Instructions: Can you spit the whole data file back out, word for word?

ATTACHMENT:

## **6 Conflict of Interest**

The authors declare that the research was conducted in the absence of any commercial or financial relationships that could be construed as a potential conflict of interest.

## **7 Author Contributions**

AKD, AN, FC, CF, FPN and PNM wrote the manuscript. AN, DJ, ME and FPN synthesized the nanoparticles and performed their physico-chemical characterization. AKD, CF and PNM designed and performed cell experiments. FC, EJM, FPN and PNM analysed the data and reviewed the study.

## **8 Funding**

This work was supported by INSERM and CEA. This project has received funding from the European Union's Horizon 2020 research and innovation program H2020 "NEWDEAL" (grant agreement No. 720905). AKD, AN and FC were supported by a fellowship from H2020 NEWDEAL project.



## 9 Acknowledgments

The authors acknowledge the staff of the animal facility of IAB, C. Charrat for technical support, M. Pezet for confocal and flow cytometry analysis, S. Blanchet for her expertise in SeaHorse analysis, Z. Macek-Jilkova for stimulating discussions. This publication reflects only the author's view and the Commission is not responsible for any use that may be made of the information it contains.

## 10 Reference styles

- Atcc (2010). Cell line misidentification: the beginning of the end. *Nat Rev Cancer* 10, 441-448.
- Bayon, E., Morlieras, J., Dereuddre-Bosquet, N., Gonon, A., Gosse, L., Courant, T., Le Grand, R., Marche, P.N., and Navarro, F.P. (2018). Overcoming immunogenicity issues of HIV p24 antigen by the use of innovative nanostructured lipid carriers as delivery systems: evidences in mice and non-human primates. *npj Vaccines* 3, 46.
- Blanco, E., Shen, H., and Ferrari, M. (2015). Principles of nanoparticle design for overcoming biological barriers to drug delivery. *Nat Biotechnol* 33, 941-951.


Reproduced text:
## **6 Conflict of Interest**

The authors declare that the research was conducted in the absence of any commercial or financial relationships that could be construed as a potential conflict of interest.

## **7 Author Contributions**

AKD, AN, FC, CF, FPN and PNM wrote the manuscript. AN, DJ, ME and FPN synthesized the nanoparticles and performed their physico-chemical characterization. AKD, CF and PNM designed and performed cell experiments. FC, EJM, FPN and PNM analysed the data and reviewed the study.

## **8 Funding**

This work was supported by INSERM and CEA. This project has received funding from the European Union's Horizon 2020 research and innovation program H2020 "NEWDEAL" (grant agreement No. 720905). AKD, AN and FC were supported by a fellowship from H2020 NEWDEAL project.



## 9 Acknowledgments

The authors acknowledge the staff of the animal facility of IAB, C. Charrat for technical support, M. Pezet for confocal and flow cytometry analysis, S. Blanchet for her expertise in SeaHorse analysis, Z. Macek-Jilkova for stimulating discussions. This publication reflects only the author's view and the Commission is not responsible for any use that may be made of the information it contains.

## 10 Reference styles

- Atcc (2010). Cell line misidentification: the beginning of the end. *Nat Rev Cancer* 10, 441-448.
- Bayon, E., Morlieras, J., Dereuddre-Bosquet, N., Gonon, A., Gosse, L., Courant, T., Le Grand, R., Marche, P.N., and Navarro, F.P. (2018). Overcoming immunogenicity issues of HIV p24 antigen by the use of innovative nanostructured lipid carriers as delivery systems: evidences in mice and non-human primates. *npj Vaccines* 3, 46.
- Blanco, E., Shen, H., and Ferrari, M. (2015). Principles of nanoparticle design for overcoming biological barriers to drug delivery. *Nat Biotechnol* 33, 941-951.